City of Atlanta faces HIV-bias charges

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Atlanta is generally considered a forward-thinking city with progressive elected officials, but city leaders continue to tiptoe toward the 1980s when taking certain positions on HIV and AIDS. For the second time in two years, city officials are allegedly “digging in their heels” to defend policies related to HIV/AIDS that have been discredited by science for decades.

In court papers filed this month, city officials denied that the Atlanta Police Department refused to hire an applicant because he tested positive for HIV, as alleged in a federal lawsuit. A former police recruit, who is identified in the lawsuit by the alias “Richard Roe,” claimed that in September 2006 a doctor who conducts physical examinations on behalf of the city informed him that he was HIV-positive, and that the police department does not hire HIV-positive individuals.

But a spokesperson for Atlanta Mayor Shirley Franklin said the man was not hired because he didn’t complete the physical, which is required for all city employees. After the applicant tested HIV-positive during the initial physical, “the physician attempted to contact the recruit several times” for a follow-up, said Franklin spokesperson Beverly Isom.

“For whatever reason, he chose not to go back to the physician,” Isom said. “He simply had to go back for a follow-up. This isn’t about HIV, this is about him [not finishing] the physical.

“The city could not offer him a job not because of what the test results were, but because he didn’t pass the physical,” Isom added.

But when the applicant filed a discrimination complaint with the Equal Employment Opportunity Commission in December 2006, the city responded that the HIV diagnosis was “a disqualifying condition.”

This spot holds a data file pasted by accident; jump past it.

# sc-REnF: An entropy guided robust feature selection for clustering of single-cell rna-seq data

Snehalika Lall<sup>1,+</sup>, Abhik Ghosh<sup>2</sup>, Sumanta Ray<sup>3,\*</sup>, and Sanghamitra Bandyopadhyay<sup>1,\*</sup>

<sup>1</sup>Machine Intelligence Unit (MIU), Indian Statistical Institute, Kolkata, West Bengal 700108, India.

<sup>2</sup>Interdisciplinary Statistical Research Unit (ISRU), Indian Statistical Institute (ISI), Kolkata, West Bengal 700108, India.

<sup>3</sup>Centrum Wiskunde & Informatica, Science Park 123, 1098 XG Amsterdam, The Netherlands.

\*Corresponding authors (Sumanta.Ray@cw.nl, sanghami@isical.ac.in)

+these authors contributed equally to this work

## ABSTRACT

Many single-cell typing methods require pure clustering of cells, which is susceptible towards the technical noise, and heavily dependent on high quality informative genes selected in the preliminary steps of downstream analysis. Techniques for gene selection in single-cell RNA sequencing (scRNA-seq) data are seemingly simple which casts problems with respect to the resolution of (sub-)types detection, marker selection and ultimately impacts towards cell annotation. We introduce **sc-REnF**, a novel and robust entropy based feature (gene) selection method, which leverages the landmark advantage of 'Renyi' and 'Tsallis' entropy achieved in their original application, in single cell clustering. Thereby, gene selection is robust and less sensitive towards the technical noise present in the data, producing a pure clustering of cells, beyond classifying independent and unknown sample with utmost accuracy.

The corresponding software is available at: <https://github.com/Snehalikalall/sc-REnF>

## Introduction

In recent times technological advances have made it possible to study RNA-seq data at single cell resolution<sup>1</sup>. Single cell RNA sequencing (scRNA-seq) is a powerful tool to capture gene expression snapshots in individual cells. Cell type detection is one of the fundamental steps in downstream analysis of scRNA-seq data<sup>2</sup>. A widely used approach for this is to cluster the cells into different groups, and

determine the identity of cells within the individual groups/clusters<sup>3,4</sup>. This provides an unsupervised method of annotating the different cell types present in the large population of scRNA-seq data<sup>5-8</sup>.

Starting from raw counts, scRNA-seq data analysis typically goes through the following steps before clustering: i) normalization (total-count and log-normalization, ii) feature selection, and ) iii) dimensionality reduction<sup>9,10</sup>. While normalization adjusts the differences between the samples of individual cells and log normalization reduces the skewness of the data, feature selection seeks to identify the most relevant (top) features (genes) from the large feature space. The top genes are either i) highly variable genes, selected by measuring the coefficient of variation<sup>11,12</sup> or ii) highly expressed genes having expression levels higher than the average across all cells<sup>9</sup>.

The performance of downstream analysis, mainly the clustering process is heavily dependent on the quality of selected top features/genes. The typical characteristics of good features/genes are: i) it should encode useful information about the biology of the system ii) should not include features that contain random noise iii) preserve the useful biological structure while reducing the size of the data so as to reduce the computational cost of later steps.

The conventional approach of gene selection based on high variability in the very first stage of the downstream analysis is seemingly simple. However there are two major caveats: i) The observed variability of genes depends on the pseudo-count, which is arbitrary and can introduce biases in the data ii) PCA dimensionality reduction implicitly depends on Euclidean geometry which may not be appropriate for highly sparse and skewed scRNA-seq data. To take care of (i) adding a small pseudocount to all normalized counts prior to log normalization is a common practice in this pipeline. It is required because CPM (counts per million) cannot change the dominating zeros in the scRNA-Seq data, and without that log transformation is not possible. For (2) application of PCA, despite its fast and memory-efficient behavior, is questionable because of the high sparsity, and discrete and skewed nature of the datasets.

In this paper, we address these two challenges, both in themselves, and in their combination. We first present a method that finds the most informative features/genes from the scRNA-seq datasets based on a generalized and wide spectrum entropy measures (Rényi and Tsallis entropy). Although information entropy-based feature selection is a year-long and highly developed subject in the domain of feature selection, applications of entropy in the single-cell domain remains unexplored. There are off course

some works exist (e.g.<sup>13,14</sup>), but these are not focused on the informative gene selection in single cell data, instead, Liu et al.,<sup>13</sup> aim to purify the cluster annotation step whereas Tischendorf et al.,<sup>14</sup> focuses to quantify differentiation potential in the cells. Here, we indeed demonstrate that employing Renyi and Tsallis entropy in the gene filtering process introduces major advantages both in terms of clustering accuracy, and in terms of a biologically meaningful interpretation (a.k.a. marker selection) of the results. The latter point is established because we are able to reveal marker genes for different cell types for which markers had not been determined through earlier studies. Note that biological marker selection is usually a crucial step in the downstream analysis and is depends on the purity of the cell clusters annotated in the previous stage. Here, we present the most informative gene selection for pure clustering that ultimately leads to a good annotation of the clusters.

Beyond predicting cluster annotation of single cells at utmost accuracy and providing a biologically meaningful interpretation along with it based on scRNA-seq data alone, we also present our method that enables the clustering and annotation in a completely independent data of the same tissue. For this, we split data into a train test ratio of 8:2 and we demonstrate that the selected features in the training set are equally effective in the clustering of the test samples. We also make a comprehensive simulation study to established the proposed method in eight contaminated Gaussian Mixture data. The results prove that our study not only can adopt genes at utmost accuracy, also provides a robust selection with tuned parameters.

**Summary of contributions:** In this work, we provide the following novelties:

“Because applicants are required to engage in hand-to-hand combat in the Police Academy and subsequently [in] the field, diseases passed through the blood present a hazardous condition and as such are disqualifying conditions,” the city’s response to the EEOC stated.

Roe’s attorneys, Michael Grider and Steve Koval, declined to comment.

The city’s claim that the applicant was fired because he didn’t complete his physical exam “does not seem to match with what they represented to the EEOC,” said Greg Nevins, a senior staff attorney in the Atlanta office of Lambda Legal Defense & Education Fund.

“They’re still trying to backtrack from that,” Nevins said. “There’s a difference from saying we have an additional reason, but when you say it was never about HIV, from what we know so far it doesn’t seem like that is likely to fly.”

The city’s response to the EEOC also accuses the applicant of “failure to comply with the recruitment process” by being “unresponsive.”

“As an applicant, once you enter the process, we’re supposed to be able to reach you within a reasonable amount of time,” Al Elder, director of diversity for the city of Atlanta’s Human Resources department, said this week.

The thought that HIV would be a disqualification from employment as a police officer is absurd, Isom said.

“I have to believe there are people who have HIV [working in the department],” Isom said.

Read the full story from Southern Voice.


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